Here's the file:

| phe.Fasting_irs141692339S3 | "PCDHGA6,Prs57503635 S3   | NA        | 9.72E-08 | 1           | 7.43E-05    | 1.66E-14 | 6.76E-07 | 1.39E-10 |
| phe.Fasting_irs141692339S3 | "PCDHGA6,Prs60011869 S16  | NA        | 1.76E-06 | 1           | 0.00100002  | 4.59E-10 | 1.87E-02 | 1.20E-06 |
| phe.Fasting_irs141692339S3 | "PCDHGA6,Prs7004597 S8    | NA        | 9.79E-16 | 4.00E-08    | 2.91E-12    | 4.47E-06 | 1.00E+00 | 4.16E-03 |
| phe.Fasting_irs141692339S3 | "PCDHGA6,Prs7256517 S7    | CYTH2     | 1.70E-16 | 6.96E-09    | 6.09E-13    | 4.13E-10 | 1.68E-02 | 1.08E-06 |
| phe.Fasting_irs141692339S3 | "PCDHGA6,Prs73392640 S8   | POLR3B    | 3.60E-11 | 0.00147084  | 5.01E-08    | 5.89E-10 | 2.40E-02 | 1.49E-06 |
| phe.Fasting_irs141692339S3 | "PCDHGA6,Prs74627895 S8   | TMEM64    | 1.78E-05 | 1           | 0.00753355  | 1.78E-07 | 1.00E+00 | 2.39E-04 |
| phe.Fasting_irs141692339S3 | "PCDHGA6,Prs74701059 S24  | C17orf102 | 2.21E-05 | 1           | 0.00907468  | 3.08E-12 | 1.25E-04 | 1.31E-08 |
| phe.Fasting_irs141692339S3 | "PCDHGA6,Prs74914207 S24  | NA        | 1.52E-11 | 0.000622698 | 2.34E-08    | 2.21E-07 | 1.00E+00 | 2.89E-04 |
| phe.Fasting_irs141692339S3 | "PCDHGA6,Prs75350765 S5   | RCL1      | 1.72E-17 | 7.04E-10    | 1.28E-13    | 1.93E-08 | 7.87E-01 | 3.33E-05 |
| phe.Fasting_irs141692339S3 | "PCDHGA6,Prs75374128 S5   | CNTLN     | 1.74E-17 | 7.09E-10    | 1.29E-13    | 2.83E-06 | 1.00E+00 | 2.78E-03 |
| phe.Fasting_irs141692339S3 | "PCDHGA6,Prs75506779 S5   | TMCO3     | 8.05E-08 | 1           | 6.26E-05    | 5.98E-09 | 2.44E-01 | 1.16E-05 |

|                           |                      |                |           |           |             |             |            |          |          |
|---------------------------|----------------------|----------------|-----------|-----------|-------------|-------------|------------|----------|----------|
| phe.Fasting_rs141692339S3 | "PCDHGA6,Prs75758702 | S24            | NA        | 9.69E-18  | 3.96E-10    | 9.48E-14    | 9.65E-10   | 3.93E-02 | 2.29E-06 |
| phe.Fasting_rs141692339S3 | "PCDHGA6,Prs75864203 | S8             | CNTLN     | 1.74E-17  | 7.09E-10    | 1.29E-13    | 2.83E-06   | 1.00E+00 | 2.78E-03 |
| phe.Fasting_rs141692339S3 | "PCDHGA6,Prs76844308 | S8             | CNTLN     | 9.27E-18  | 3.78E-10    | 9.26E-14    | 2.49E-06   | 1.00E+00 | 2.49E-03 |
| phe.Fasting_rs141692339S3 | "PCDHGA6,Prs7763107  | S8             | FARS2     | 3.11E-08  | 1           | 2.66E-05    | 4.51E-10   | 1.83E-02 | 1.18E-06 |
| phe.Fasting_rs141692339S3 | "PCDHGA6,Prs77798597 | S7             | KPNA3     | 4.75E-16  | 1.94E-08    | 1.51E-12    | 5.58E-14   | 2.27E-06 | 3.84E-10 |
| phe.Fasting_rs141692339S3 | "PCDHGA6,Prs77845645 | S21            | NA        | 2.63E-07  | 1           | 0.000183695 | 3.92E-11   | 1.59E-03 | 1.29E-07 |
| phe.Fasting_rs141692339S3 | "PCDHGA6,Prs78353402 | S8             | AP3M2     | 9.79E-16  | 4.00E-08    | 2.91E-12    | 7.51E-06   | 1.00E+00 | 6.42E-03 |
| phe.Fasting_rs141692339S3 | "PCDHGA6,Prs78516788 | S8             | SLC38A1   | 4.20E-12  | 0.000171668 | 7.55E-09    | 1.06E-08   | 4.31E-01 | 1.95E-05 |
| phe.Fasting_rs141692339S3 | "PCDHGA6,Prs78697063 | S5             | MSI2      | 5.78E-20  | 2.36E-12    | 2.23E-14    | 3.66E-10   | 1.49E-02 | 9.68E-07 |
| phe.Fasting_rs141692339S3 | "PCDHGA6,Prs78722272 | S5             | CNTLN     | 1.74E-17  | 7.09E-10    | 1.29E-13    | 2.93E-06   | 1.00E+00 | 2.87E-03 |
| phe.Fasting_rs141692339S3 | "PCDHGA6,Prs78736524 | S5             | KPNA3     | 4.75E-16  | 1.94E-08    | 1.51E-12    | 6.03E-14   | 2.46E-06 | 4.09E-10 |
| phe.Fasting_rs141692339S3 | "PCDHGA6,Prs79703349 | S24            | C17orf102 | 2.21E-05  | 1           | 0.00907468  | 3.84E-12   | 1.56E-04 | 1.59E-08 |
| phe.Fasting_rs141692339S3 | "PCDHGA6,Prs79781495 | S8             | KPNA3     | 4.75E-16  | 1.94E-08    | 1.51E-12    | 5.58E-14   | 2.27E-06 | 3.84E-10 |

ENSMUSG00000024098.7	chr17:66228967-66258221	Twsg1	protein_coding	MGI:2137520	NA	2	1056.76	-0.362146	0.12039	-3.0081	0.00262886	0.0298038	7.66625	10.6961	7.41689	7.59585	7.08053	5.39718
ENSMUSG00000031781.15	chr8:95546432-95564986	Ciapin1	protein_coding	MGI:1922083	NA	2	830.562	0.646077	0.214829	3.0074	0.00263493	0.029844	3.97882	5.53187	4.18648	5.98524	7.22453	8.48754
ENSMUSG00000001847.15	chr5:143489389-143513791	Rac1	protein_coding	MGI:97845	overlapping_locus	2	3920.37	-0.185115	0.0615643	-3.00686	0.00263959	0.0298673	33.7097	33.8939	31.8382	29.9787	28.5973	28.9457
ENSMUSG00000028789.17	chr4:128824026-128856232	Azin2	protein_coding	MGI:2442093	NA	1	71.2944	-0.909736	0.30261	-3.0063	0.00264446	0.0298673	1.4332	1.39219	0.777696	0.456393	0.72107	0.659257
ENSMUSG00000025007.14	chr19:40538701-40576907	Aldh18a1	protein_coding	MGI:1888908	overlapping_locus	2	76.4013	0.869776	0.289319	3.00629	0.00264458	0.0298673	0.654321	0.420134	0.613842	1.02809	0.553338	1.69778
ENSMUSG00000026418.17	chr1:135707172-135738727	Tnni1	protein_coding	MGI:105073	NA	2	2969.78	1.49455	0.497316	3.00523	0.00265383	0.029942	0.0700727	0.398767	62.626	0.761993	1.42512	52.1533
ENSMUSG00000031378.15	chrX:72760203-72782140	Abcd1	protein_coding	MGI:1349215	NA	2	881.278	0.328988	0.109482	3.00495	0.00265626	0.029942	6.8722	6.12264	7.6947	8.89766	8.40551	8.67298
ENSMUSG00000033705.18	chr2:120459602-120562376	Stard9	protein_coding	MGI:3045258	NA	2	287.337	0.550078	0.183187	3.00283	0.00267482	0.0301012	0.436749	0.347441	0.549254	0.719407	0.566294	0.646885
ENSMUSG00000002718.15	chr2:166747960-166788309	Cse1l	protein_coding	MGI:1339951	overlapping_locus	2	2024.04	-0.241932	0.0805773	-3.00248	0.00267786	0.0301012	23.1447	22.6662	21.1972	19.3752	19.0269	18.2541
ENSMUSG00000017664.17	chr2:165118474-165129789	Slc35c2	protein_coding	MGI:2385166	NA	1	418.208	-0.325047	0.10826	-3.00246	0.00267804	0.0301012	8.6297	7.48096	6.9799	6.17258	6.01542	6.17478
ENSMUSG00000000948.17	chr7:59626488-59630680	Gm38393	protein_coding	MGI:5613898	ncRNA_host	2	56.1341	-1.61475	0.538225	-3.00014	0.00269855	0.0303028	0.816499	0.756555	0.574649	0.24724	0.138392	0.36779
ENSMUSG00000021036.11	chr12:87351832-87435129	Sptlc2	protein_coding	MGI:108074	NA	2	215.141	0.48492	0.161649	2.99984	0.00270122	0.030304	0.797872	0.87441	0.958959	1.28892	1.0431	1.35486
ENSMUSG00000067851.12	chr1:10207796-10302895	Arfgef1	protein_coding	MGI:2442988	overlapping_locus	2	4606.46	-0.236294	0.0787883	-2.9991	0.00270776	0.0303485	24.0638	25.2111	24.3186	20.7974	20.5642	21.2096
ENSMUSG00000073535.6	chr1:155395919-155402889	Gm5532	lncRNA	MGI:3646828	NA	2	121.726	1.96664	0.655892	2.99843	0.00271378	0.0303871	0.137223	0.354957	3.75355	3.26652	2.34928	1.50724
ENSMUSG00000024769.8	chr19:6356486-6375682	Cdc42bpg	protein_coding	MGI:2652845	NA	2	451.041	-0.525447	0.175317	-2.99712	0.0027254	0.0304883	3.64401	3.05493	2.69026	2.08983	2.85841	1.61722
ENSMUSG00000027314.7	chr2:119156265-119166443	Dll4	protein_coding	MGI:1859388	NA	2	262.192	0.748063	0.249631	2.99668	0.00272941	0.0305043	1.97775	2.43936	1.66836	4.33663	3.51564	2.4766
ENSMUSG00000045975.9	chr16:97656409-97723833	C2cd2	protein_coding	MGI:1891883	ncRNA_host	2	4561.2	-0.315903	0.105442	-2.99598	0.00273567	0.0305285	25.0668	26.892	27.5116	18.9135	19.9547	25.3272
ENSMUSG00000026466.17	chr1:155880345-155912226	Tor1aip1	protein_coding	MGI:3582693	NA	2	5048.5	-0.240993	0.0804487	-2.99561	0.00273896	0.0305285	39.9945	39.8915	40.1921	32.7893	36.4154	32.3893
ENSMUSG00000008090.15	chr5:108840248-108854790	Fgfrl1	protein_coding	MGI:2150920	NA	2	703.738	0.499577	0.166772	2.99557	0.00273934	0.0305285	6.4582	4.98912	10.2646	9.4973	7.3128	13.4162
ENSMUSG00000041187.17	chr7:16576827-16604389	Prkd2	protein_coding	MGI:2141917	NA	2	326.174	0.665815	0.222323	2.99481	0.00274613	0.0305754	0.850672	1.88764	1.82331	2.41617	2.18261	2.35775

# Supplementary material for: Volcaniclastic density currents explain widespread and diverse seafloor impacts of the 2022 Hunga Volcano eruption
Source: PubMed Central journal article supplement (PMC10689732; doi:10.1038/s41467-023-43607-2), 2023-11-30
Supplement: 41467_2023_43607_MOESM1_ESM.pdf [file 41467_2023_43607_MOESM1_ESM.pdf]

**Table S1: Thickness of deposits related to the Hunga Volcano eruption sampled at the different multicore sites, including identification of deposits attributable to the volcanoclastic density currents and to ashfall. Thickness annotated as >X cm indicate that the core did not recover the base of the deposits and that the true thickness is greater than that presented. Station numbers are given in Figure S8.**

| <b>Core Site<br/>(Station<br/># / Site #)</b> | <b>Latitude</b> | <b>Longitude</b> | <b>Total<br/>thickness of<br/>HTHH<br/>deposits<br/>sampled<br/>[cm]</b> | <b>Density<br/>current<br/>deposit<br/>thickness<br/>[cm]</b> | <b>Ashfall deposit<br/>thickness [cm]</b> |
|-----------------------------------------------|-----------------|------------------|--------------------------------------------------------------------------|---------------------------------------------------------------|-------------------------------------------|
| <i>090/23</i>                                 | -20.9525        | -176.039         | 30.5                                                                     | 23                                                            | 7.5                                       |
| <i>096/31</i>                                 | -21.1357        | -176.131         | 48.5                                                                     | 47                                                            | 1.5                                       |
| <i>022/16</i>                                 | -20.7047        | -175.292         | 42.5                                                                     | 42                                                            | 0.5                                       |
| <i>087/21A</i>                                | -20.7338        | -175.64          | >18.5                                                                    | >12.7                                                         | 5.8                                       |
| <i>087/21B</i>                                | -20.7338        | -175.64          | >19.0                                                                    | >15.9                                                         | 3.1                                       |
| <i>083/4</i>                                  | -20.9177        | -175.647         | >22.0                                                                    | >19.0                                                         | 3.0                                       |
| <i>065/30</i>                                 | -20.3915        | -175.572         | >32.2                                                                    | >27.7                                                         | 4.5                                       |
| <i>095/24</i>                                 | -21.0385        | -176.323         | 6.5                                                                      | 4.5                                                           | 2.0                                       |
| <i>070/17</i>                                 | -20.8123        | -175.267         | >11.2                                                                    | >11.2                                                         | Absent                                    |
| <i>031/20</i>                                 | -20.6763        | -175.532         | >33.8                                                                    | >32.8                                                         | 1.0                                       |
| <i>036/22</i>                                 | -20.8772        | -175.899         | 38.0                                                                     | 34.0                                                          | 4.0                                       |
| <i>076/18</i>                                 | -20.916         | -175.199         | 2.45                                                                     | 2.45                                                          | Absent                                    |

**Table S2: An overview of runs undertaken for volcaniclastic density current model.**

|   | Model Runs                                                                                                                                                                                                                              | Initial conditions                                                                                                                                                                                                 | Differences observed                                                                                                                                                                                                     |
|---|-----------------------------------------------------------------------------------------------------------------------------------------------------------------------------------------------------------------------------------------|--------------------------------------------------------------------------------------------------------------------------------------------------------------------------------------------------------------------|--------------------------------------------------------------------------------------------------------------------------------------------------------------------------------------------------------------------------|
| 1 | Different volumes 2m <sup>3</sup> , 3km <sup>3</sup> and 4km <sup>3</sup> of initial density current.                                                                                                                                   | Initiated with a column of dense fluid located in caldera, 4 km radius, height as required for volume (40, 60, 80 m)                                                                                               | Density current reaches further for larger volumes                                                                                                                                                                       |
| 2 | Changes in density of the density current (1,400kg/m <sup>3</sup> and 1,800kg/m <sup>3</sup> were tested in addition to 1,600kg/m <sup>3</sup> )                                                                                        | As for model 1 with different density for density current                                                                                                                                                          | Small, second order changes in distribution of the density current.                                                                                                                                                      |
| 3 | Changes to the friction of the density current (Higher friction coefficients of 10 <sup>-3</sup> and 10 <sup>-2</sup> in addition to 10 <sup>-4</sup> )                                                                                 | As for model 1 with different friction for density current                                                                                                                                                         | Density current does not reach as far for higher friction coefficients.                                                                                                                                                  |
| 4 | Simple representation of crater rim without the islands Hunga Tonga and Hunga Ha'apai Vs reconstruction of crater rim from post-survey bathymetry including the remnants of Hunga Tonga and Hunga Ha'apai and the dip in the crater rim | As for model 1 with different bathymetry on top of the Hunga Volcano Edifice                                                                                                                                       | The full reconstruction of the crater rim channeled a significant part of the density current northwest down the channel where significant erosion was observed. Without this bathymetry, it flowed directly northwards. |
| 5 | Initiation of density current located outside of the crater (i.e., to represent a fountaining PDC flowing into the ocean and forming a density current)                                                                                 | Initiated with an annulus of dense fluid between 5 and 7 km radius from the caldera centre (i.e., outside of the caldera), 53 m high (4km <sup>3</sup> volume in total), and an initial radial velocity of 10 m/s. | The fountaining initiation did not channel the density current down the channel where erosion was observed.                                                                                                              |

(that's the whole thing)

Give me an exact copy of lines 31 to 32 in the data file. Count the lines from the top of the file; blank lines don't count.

ENSMUSG00000025007.14	chr19:40538701-40576907	Aldh18a1	protein_coding	MGI:1888908	overlapping_locus	2	76.4013	0.869776	0.289319	3.00629	0.00264458	0.0298673	0.654321	0.420134	0.613842	1.02809	0.553338	1.69778
ENSMUSG00000026418.17	chr1:135707172-135738727	Tnni1	protein_coding	MGI:105073	NA	2	2969.78	1.49455	0.497316	3.00523	0.00265383	0.029942	0.0700727	0.398767	62.626	0.761993	1.42512	52.1533